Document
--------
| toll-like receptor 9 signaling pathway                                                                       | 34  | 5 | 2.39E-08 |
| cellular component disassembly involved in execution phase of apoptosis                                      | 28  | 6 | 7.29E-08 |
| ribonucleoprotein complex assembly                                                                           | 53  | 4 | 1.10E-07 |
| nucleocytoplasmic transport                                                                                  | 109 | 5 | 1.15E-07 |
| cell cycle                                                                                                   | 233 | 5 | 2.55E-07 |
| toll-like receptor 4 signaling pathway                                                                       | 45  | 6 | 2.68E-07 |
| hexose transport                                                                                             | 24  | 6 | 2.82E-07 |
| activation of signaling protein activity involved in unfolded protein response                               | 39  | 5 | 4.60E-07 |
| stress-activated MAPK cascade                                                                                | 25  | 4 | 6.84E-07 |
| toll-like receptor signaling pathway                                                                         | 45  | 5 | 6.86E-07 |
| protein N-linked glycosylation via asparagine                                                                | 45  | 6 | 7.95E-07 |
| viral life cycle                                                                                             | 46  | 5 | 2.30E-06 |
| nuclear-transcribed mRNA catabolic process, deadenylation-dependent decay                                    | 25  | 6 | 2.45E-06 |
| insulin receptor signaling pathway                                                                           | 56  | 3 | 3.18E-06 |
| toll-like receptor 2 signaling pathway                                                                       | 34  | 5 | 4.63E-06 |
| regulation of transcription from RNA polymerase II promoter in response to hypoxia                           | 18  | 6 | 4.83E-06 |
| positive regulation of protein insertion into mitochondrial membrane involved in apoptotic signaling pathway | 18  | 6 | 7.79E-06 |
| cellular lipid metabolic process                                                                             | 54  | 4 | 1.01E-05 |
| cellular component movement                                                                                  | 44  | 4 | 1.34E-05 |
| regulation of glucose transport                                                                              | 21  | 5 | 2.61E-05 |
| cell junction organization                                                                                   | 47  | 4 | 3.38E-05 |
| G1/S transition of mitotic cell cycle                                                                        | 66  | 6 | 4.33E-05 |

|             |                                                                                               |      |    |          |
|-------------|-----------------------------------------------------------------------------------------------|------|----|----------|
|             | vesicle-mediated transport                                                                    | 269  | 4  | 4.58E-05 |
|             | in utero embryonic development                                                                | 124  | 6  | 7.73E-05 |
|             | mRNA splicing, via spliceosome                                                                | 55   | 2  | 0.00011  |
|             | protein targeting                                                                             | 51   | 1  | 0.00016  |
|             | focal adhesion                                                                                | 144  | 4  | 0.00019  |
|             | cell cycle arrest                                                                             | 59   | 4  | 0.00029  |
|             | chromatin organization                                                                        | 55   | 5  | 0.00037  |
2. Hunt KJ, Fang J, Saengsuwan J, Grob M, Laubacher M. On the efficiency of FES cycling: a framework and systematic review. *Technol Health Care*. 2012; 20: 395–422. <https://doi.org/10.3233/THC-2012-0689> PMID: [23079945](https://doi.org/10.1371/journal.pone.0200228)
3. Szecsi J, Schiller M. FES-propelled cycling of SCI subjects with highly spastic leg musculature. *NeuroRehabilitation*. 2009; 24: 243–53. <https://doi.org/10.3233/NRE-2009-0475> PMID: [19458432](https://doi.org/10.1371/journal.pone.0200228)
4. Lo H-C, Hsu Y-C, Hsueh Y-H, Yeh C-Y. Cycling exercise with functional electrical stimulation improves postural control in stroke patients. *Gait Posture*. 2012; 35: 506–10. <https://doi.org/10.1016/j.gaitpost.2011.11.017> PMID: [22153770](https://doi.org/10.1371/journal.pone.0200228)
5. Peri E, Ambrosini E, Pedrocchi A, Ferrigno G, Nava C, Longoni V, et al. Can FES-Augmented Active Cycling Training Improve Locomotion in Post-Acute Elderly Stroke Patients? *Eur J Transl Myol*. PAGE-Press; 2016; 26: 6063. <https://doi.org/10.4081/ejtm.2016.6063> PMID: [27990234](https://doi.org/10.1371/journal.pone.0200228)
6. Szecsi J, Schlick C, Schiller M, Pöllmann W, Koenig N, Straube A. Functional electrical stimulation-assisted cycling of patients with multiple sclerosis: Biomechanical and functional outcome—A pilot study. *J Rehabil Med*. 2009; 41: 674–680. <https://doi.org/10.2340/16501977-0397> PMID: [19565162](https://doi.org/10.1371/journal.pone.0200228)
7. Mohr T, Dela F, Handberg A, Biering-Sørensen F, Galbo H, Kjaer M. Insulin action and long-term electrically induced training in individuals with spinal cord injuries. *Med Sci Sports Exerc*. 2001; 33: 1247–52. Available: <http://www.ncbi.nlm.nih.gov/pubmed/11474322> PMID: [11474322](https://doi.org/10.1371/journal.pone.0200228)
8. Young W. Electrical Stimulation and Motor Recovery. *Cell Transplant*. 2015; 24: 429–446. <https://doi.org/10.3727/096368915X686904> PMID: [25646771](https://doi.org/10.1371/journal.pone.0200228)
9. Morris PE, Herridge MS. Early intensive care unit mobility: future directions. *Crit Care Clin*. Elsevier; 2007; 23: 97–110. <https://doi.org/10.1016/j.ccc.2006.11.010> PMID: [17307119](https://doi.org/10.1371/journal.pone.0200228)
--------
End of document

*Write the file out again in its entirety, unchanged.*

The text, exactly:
| toll-like receptor 9 signaling pathway                                                                       | 34  | 5 | 2.39E-08 |
| cellular component disassembly involved in execution phase of apoptosis                                      | 28  | 6 | 7.29E-08 |
| ribonucleoprotein complex assembly                                                                           | 53  | 4 | 1.10E-07 |
| nucleocytoplasmic transport                                                                                  | 109 | 5 | 1.15E-07 |
| cell cycle                                                                                                   | 233 | 5 | 2.55E-07 |
| toll-like receptor 4 signaling pathway                                                                       | 45  | 6 | 2.68E-07 |
| hexose transport                                                                                             | 24  | 6 | 2.82E-07 |
| activation of signaling protein activity involved in unfolded protein response                               | 39  | 5 | 4.60E-07 |
| stress-activated MAPK cascade                                                                                | 25  | 4 | 6.84E-07 |
| toll-like receptor signaling pathway                                                                         | 45  | 5 | 6.86E-07 |
| protein N-linked glycosylation via asparagine                                                                | 45  | 6 | 7.95E-07 |
| viral life cycle                                                                                             | 46  | 5 | 2.30E-06 |
| nuclear-transcribed mRNA catabolic process, deadenylation-dependent decay                                    | 25  | 6 | 2.45E-06 |
| insulin receptor signaling pathway                                                                           | 56  | 3 | 3.18E-06 |
| toll-like receptor 2 signaling pathway                                                                       | 34  | 5 | 4.63E-06 |
| regulation of transcription from RNA polymerase II promoter in response to hypoxia                           | 18  | 6 | 4.83E-06 |
| positive regulation of protein insertion into mitochondrial membrane involved in apoptotic signaling pathway | 18  | 6 | 7.79E-06 |
| cellular lipid metabolic process                                                                             | 54  | 4 | 1.01E-05 |
| cellular component movement                                                                                  | 44  | 4 | 1.34E-05 |
| regulation of glucose transport                                                                              | 21  | 5 | 2.61E-05 |
| cell junction organization                                                                                   | 47  | 4 | 3.38E-05 |
| G1/S transition of mitotic cell cycle                                                                        | 66  | 6 | 4.33E-05 |

|             |                                                                                               |      |    |          |
|-------------|-----------------------------------------------------------------------------------------------|------|----|----------|
|             | vesicle-mediated transport                                                                    | 269  | 4  | 4.58E-05 |
|             | in utero embryonic development                                                                | 124  | 6  | 7.73E-05 |
|             | mRNA splicing, via spliceosome                                                                | 55   | 2  | 0.00011  |
|             | protein targeting                                                                             | 51   | 1  | 0.00016  |
|             | focal adhesion                                                                                | 144  | 4  | 0.00019  |
|             | cell cycle arrest                                                                             | 59   | 4  | 0.00029  |
|             | chromatin organization                                                                        | 55   | 5  | 0.00037  |
2. Hunt KJ, Fang J, Saengsuwan J, Grob M, Laubacher M. On the efficiency of FES cycling: a framework and systematic review. *Technol Health Care*. 2012; 20: 395–422. <https://doi.org/10.3233/THC-2012-0689> PMID: [23079945](https://doi.org/10.1371/journal.pone.0200228)
3. Szecsi J, Schiller M. FES-propelled cycling of SCI subjects with highly spastic leg musculature. *NeuroRehabilitation*. 2009; 24: 243–53. <https://doi.org/10.3233/NRE-2009-0475> PMID: [19458432](https://doi.org/10.1371/journal.pone.0200228)
4. Lo H-C, Hsu Y-C, Hsueh Y-H, Yeh C-Y. Cycling exercise with functional electrical stimulation improves postural control in stroke patients. *Gait Posture*. 2012; 35: 506–10. <https://doi.org/10.1016/j.gaitpost.2011.11.017> PMID: [22153770](https://doi.org/10.1371/journal.pone.0200228)
5. Peri E, Ambrosini E, Pedrocchi A, Ferrigno G, Nava C, Longoni V, et al. Can FES-Augmented Active Cycling Training Improve Locomotion in Post-Acute Elderly Stroke Patients? *Eur J Transl Myol*. PAGE-Press; 2016; 26: 6063. <https://doi.org/10.4081/ejtm.2016.6063> PMID: [27990234](https://doi.org/10.1371/journal.pone.0200228)
6. Szecsi J, Schlick C, Schiller M, Pöllmann W, Koenig N, Straube A. Functional electrical stimulation-assisted cycling of patients with multiple sclerosis: Biomechanical and functional outcome—A pilot study. *J Rehabil Med*. 2009; 41: 674–680. <https://doi.org/10.2340/16501977-0397> PMID: [19565162](https://doi.org/10.1371/journal.pone.0200228)
7. Mohr T, Dela F, Handberg A, Biering-Sørensen F, Galbo H, Kjaer M. Insulin action and long-term electrically induced training in individuals with spinal cord injuries. *Med Sci Sports Exerc*. 2001; 33: 1247–52. Available: <http://www.ncbi.nlm.nih.gov/pubmed/11474322> PMID: [11474322](https://doi.org/10.1371/journal.pone.0200228)
8. Young W. Electrical Stimulation and Motor Recovery. *Cell Transplant*. 2015; 24: 429–446. <https://doi.org/10.3727/096368915X686904> PMID: [25646771](https://doi.org/10.1371/journal.pone.0200228)
9. Morris PE, Herridge MS. Early intensive care unit mobility: future directions. *Crit Care Clin*. Elsevier; 2007; 23: 97–110. <https://doi.org/10.1016/j.ccc.2006.11.010> PMID: [17307119](https://doi.org/10.1371/journal.pone.0200228)